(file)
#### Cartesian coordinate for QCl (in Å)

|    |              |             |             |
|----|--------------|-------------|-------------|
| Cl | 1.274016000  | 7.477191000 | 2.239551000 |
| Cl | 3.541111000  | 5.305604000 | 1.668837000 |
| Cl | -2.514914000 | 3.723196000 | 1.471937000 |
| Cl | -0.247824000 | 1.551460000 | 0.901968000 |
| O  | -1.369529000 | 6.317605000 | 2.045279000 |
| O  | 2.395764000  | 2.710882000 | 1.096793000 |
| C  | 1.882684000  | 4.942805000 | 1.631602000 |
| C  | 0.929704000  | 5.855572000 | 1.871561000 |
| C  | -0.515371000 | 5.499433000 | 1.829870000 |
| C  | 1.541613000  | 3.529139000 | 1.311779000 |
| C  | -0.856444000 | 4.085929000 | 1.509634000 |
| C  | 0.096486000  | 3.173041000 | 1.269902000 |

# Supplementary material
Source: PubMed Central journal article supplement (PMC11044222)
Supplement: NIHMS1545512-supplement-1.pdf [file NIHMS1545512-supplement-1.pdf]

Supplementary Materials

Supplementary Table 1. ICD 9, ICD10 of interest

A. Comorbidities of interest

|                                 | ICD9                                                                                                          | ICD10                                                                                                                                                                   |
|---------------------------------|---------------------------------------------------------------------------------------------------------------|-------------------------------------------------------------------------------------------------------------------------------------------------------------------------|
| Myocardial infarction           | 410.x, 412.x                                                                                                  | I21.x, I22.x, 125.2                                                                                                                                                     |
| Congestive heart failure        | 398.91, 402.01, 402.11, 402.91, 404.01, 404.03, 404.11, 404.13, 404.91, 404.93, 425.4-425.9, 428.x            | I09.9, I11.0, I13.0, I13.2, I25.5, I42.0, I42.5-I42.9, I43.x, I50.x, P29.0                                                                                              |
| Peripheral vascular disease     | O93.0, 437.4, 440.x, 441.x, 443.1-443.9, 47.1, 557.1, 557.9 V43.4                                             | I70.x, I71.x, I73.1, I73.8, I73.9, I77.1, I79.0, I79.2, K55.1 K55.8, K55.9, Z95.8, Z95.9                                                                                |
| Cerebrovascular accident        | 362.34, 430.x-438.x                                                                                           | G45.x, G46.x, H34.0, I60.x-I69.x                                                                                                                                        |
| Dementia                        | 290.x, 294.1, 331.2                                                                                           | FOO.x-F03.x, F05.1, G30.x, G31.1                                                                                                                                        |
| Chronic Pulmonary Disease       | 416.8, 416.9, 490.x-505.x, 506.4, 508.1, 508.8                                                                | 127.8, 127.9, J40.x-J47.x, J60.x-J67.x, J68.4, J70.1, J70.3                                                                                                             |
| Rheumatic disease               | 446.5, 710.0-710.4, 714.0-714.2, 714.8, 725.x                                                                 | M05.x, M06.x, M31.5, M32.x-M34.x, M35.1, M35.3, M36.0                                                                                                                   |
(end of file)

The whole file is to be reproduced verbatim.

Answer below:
#### Cartesian coordinate for QCl (in Å)

|    |              |             |             |
|----|--------------|-------------|-------------|
| Cl | 1.274016000  | 7.477191000 | 2.239551000 |
| Cl | 3.541111000  | 5.305604000 | 1.668837000 |
| Cl | -2.514914000 | 3.723196000 | 1.471937000 |
| Cl | -0.247824000 | 1.551460000 | 0.901968000 |
| O  | -1.369529000 | 6.317605000 | 2.045279000 |
| O  | 2.395764000  | 2.710882000 | 1.096793000 |
| C  | 1.882684000  | 4.942805000 | 1.631602000 |
| C  | 0.929704000  | 5.855572000 | 1.871561000 |
| C  | -0.515371000 | 5.499433000 | 1.829870000 |
| C  | 1.541613000  | 3.529139000 | 1.311779000 |
| C  | -0.856444000 | 4.085929000 | 1.509634000 |
| C  | 0.096486000  | 3.173041000 | 1.269902000 |

# Supplementary material
Source: PubMed Central journal article supplement (PMC11044222)
Supplement: NIHMS1545512-supplement-1.pdf [file NIHMS1545512-supplement-1.pdf]

Supplementary Materials

Supplementary Table 1. ICD 9, ICD10 of interest

A. Comorbidities of interest

|                                 | ICD9                                                                                                          | ICD10                                                                                                                                                                   |
|---------------------------------|---------------------------------------------------------------------------------------------------------------|-------------------------------------------------------------------------------------------------------------------------------------------------------------------------|
| Myocardial infarction           | 410.x, 412.x                                                                                                  | I21.x, I22.x, 125.2                                                                                                                                                     |
| Congestive heart failure        | 398.91, 402.01, 402.11, 402.91, 404.01, 404.03, 404.11, 404.13, 404.91, 404.93, 425.4-425.9, 428.x            | I09.9, I11.0, I13.0, I13.2, I25.5, I42.0, I42.5-I42.9, I43.x, I50.x, P29.0                                                                                              |
| Peripheral vascular disease     | O93.0, 437.4, 440.x, 441.x, 443.1-443.9, 47.1, 557.1, 557.9 V43.4                                             | I70.x, I71.x, I73.1, I73.8, I73.9, I77.1, I79.0, I79.2, K55.1 K55.8, K55.9, Z95.8, Z95.9                                                                                |
| Cerebrovascular accident        | 362.34, 430.x-438.x                                                                                           | G45.x, G46.x, H34.0, I60.x-I69.x                                                                                                                                        |
| Dementia                        | 290.x, 294.1, 331.2                                                                                           | FOO.x-F03.x, F05.1, G30.x, G31.1                                                                                                                                        |
| Chronic Pulmonary Disease       | 416.8, 416.9, 490.x-505.x, 506.4, 508.1, 508.8                                                                | 127.8, 127.9, J40.x-J47.x, J60.x-J67.x, J68.4, J70.1, J70.3                                                                                                             |
| Rheumatic disease               | 446.5, 710.0-710.4, 714.0-714.2, 714.8, 725.x                                                                 | M05.x, M06.x, M31.5, M32.x-M34.x, M35.1, M35.3, M36.0                                                                                                                   |